In the middle of 2014, I started using a gratitude jar where I’d write down happy moments and keep them inside.

Why not?

After all, a copy of Sarah Ban Breathnach’s “Simple Abundance: A Daybook of Comfort and Joy” sits on my nightstand, as does a post-9/11 article by Dominique Browning, former House & Garden editor. Titled “Making the Bed,” it outlines the importance of holding tight to the things that matter most, which are sometimes only fully realized and appreciated once they’re gone.

And they’re often the small moments.

An infectious laugh.

A Sunday dinner.

Smoothing the sheets and placing the pillows just so.

They’re routine and ordinary until they disappear. Then, in that absence, they become extraordinary. Again.

So, sunrises and great conversations and ladybugs landing on my finger filled my gratitude jar that year. I read through them as the year came to an end, delicately unfolding each memory. An empty jar sat nearby, ready to be stuffed with the joys that 2015 would bring.

Instead, only two pieces of paper rest in that jar. I know for sure they’re from January.

In January, snowflakes danced around our birch trees and the scent of pine lingered in our home. I was fresh off the heels of the holiday season, the anticipatory breath of a new year beckoning.

Then came February.

In February, my father died. It’s the reason why that jar sits to this day – untouched, with messages inside I can’t recall. It’s symbolic, I suppose, that life’s splendor can be halted at any given time. During a natural disaster, a debilitating accident, a father gone at 63. Earlier, we were sharing jokes. The next day, he was unable to speak. Hours later, he died.

In the years since, I’ve written about how my dreams of him help me cope with his death. I’ve seen him waving and smiling on a ship, where it was clear that he was happy to lead others on a new journey. More recently, he burst into a roomful of people, his exuberant self declaring that it was time for everyone to head to a restaurant for lunch. In another recent dream, I stood by his lifeless body, repeating his name. Perhaps my repetition did the trick, because lo and behold, he sat straight up, at which point I remember thinking he didn’t die, but was napping all along. Napping – a temporary pause in the hurriedness of life to refresh our soul and ready us for what’s next.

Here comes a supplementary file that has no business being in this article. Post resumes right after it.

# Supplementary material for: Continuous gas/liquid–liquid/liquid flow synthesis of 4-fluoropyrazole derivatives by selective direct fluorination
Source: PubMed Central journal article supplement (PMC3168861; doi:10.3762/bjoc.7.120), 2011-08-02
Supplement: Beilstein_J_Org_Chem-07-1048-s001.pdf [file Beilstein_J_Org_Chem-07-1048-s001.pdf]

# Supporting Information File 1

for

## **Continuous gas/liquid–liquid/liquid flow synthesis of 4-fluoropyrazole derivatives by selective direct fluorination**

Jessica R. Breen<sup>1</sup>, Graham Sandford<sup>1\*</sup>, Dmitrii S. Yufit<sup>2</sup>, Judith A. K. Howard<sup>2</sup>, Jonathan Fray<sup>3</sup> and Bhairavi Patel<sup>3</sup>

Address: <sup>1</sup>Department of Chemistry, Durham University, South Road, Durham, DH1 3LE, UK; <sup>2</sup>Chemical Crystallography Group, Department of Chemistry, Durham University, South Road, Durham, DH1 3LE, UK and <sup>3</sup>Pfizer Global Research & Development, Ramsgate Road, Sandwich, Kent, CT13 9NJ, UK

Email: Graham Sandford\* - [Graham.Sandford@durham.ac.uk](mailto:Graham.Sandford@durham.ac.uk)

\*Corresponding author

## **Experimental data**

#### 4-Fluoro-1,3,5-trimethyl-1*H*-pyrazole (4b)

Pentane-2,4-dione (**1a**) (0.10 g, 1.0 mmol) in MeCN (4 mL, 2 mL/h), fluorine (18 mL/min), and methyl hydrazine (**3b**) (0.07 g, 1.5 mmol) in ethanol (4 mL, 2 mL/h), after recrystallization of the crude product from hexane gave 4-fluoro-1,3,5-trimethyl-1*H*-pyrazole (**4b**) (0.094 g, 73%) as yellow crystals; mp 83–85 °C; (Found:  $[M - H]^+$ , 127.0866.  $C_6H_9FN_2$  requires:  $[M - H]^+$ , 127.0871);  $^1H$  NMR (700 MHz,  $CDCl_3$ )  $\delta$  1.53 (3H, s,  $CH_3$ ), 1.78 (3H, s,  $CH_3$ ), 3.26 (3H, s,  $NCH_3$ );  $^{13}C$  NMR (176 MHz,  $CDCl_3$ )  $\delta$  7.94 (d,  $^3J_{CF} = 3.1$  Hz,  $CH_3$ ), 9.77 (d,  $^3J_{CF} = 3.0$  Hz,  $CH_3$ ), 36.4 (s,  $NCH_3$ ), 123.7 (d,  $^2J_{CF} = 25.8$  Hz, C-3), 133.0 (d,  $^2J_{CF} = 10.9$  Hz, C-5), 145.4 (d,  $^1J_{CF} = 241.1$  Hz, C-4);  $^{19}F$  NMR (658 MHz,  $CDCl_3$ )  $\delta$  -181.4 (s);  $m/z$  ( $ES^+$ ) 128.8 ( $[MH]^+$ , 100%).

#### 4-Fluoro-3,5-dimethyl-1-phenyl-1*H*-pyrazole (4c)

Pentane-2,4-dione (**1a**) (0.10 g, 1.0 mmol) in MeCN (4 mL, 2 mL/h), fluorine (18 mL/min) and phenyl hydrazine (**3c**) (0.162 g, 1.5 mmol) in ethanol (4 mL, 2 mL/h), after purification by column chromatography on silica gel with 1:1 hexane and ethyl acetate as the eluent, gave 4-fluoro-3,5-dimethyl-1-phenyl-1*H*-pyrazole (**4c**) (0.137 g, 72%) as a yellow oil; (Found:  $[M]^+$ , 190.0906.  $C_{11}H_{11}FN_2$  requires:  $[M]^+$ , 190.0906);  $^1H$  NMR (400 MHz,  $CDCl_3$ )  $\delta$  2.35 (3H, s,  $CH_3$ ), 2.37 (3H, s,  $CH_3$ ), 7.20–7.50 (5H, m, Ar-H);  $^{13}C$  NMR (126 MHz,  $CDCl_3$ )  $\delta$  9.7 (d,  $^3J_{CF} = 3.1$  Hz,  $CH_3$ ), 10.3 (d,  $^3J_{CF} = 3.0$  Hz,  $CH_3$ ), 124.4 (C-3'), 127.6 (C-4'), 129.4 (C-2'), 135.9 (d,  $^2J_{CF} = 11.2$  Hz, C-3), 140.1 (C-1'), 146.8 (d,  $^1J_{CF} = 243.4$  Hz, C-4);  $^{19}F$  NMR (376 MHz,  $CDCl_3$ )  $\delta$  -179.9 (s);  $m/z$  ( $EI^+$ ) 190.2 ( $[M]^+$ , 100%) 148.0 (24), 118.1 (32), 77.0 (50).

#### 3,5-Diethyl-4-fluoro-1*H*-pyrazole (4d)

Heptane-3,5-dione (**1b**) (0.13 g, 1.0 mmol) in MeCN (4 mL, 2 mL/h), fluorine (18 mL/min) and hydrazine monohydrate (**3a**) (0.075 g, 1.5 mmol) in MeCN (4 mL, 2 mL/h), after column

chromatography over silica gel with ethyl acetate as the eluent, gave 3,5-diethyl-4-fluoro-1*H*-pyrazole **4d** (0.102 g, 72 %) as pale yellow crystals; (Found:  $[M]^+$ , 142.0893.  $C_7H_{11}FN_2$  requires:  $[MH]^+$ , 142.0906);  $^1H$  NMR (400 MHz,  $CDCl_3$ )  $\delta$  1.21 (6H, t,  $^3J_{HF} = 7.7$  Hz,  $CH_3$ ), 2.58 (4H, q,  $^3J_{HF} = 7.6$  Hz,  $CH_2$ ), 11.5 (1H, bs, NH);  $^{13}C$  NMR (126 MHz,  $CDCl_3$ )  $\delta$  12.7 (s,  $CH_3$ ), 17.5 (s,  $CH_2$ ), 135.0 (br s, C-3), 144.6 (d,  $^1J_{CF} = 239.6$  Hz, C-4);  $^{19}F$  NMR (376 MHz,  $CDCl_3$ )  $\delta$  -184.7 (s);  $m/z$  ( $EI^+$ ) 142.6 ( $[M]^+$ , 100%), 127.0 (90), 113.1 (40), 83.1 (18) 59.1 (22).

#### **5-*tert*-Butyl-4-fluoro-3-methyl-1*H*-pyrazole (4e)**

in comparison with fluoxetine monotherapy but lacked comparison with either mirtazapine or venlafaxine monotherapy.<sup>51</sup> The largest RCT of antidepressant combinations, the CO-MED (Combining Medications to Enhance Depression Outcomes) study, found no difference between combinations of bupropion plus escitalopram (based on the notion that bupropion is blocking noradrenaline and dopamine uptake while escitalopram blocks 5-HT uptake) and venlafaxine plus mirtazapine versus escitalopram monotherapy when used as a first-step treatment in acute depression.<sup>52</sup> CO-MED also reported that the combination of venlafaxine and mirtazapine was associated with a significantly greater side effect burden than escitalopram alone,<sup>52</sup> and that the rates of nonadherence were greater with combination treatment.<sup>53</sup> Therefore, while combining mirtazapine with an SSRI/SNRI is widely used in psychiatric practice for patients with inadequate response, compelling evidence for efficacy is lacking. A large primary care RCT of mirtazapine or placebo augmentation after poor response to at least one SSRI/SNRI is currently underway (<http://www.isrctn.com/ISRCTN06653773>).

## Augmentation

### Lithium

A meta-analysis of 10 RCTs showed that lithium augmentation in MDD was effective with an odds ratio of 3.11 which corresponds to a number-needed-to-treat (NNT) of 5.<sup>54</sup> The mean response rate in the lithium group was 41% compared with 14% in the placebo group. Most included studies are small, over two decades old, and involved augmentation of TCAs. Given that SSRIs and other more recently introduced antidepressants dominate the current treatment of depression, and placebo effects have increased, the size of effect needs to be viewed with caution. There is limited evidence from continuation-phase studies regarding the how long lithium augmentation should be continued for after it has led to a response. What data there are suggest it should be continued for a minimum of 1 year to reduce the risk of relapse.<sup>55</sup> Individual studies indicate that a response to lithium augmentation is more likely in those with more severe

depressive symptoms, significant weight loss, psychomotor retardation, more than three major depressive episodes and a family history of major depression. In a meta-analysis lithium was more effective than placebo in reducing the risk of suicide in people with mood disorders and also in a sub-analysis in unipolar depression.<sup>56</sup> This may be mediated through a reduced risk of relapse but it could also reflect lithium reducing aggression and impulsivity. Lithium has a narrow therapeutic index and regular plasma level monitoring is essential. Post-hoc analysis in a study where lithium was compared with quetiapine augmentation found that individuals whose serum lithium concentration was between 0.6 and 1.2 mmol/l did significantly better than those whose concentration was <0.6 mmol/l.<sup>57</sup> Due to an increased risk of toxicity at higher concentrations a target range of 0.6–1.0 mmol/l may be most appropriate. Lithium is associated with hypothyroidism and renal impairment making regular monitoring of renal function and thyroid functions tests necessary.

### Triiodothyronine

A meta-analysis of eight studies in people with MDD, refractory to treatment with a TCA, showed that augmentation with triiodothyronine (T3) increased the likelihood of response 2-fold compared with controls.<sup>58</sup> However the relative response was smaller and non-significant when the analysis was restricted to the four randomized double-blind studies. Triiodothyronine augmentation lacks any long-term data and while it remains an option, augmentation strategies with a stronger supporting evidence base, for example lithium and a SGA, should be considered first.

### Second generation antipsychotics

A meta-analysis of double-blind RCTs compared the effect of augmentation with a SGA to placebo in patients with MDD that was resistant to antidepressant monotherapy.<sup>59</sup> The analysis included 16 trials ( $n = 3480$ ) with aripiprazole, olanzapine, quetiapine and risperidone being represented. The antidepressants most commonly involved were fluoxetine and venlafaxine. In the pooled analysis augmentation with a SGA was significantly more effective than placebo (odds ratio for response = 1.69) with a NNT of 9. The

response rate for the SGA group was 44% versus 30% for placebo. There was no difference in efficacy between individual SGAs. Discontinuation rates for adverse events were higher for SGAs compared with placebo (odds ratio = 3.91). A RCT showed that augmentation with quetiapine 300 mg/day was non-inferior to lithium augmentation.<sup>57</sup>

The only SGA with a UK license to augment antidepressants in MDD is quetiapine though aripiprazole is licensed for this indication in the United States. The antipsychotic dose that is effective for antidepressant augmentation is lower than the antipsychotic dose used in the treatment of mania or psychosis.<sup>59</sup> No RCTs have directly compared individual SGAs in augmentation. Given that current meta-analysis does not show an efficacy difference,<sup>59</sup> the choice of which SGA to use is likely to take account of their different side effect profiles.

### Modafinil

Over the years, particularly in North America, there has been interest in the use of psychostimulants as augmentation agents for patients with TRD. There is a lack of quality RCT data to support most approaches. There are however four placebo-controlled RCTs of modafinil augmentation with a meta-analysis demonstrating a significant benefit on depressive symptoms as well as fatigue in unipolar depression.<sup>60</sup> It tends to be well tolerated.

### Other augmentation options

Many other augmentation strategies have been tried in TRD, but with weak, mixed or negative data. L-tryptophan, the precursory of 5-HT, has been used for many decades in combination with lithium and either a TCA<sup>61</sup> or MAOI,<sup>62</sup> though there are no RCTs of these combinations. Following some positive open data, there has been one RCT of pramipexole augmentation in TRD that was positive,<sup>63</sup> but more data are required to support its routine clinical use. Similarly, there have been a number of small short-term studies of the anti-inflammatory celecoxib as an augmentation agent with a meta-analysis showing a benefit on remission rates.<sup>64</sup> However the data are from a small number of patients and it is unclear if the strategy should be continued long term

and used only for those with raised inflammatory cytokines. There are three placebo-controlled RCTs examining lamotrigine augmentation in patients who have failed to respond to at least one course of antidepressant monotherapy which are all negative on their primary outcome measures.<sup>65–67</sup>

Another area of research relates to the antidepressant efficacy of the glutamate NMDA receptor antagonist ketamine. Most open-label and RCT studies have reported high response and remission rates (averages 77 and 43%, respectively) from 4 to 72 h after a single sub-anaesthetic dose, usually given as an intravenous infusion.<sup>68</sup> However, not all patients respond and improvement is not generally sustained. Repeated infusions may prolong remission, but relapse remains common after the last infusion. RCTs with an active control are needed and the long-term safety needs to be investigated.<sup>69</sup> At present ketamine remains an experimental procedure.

I’ve also written about thinking of each year following his death as his birthday in heaven. In a few months, he’ll be celebrating his third year there, enveloped in happiness and comfort and finally knowing why it is that we humans make our beds, fill our gratitude jars, and yes, take long naps.

I don’t have any plans to keep my gratitude jar going.

Life’s moments and memories – of my dad, of anyone or anything – don’t deserve to be sealed tight in a small mason jar, stashed away to be opened and remembered once a year. It’s not about jotting down happy moments and, of all things, keeping them inside. Life, even the bittersweet and sad parts of it, shouldn’t be contained. Instead, there are stories to be told, dreams to be had and always … always something worth celebrating.

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